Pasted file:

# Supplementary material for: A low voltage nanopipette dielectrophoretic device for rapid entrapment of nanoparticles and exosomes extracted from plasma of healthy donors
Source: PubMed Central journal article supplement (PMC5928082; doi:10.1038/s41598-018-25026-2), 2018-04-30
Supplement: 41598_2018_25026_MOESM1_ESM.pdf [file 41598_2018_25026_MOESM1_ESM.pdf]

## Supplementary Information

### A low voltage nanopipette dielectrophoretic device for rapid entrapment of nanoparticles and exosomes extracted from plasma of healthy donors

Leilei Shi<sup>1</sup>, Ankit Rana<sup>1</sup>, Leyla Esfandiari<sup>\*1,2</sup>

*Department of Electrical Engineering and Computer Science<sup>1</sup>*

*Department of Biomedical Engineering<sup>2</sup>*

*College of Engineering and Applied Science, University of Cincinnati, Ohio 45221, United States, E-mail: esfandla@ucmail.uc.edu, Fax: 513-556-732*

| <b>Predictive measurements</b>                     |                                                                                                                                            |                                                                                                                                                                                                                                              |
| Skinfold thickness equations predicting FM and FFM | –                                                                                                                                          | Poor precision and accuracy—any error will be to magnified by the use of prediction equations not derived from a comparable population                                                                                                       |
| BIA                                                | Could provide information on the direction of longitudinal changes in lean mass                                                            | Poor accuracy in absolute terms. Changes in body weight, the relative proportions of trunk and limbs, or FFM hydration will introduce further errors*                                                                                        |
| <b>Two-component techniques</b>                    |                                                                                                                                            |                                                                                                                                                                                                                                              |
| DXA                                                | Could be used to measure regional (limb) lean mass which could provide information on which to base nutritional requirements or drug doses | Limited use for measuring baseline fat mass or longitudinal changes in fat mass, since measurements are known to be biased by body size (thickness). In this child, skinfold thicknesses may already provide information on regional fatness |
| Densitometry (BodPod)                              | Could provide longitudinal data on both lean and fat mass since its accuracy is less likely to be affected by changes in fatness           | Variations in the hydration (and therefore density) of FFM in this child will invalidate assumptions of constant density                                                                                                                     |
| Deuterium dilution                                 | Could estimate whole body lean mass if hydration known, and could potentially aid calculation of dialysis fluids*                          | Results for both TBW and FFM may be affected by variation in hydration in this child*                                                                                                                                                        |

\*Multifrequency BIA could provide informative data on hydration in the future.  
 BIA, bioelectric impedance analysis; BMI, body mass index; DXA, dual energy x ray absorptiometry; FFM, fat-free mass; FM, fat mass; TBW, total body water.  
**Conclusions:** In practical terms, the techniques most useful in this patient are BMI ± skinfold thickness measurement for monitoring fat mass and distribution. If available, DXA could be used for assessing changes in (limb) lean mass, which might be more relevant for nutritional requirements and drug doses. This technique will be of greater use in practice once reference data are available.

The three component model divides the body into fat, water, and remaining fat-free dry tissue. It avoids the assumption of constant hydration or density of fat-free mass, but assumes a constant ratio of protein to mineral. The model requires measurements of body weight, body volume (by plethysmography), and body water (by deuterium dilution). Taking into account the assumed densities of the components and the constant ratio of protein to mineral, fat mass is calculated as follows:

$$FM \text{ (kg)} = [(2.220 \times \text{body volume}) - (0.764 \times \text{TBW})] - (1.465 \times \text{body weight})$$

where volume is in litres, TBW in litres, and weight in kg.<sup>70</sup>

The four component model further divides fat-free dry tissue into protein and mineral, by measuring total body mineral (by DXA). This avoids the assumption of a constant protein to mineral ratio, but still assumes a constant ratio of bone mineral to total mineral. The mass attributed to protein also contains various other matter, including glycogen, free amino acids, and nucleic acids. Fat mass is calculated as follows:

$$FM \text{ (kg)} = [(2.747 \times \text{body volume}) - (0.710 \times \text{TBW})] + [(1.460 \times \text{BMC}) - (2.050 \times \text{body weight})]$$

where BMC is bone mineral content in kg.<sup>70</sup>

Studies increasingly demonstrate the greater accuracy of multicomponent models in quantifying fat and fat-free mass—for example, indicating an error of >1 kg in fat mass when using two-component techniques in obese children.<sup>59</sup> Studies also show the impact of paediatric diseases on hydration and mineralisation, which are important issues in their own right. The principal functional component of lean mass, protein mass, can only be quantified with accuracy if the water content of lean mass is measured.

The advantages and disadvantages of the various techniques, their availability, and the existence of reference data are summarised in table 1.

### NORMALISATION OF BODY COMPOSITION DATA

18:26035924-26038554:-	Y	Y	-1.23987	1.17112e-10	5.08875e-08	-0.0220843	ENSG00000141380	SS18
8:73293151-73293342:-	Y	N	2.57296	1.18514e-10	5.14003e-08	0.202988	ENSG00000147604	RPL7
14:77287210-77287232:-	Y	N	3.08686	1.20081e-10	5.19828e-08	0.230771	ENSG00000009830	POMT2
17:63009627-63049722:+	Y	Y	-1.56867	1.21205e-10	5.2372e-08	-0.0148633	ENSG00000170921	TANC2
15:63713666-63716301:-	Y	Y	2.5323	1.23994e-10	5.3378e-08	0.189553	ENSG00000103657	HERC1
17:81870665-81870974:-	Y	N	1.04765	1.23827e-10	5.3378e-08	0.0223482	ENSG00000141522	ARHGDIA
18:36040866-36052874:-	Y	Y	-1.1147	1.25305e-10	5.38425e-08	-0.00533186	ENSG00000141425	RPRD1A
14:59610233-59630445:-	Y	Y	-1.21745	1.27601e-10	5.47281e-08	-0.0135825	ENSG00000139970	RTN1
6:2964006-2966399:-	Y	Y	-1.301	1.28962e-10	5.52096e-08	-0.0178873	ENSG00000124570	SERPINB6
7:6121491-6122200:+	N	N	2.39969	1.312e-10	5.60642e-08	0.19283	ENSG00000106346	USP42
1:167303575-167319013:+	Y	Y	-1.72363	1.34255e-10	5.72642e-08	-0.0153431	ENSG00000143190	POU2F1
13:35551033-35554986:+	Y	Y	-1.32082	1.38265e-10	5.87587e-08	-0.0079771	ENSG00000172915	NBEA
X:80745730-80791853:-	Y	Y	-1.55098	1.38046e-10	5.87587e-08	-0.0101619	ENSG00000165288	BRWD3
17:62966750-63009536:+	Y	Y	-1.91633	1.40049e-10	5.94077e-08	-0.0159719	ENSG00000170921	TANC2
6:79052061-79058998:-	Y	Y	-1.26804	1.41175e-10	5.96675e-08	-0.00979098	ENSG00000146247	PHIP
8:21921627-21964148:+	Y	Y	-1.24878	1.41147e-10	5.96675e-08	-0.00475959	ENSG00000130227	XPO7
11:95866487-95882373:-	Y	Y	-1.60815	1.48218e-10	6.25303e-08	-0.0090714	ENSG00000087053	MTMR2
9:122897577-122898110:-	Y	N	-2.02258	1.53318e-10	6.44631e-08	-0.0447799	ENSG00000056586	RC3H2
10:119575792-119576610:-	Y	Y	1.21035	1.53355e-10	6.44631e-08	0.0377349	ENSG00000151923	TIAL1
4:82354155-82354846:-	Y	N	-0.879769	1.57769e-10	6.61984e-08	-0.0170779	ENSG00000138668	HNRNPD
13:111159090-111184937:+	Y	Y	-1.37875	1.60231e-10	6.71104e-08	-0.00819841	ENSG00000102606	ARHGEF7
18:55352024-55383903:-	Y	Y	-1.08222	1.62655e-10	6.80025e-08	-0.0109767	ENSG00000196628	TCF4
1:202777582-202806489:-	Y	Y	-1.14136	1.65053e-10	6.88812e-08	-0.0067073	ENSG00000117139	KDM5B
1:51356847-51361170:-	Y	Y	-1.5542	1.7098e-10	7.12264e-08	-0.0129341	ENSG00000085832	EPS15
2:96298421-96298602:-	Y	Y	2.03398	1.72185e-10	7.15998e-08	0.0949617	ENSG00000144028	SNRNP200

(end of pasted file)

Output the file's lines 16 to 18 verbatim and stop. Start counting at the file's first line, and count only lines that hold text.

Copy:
| Deuterium dilution                                 | Could estimate whole body lean mass if hydration known, and could potentially aid calculation of dialysis fluids*                          | Results for both TBW and FFM may be affected by variation in hydration in this child*                                                                                                                                                        |

\*Multifrequency BIA could provide informative data on hydration in the future.  
 BIA, bioelectric impedance analysis; BMI, body mass index; DXA, dual energy x ray absorptiometry; FFM, fat-free mass; FM, fat mass; TBW, total body water.  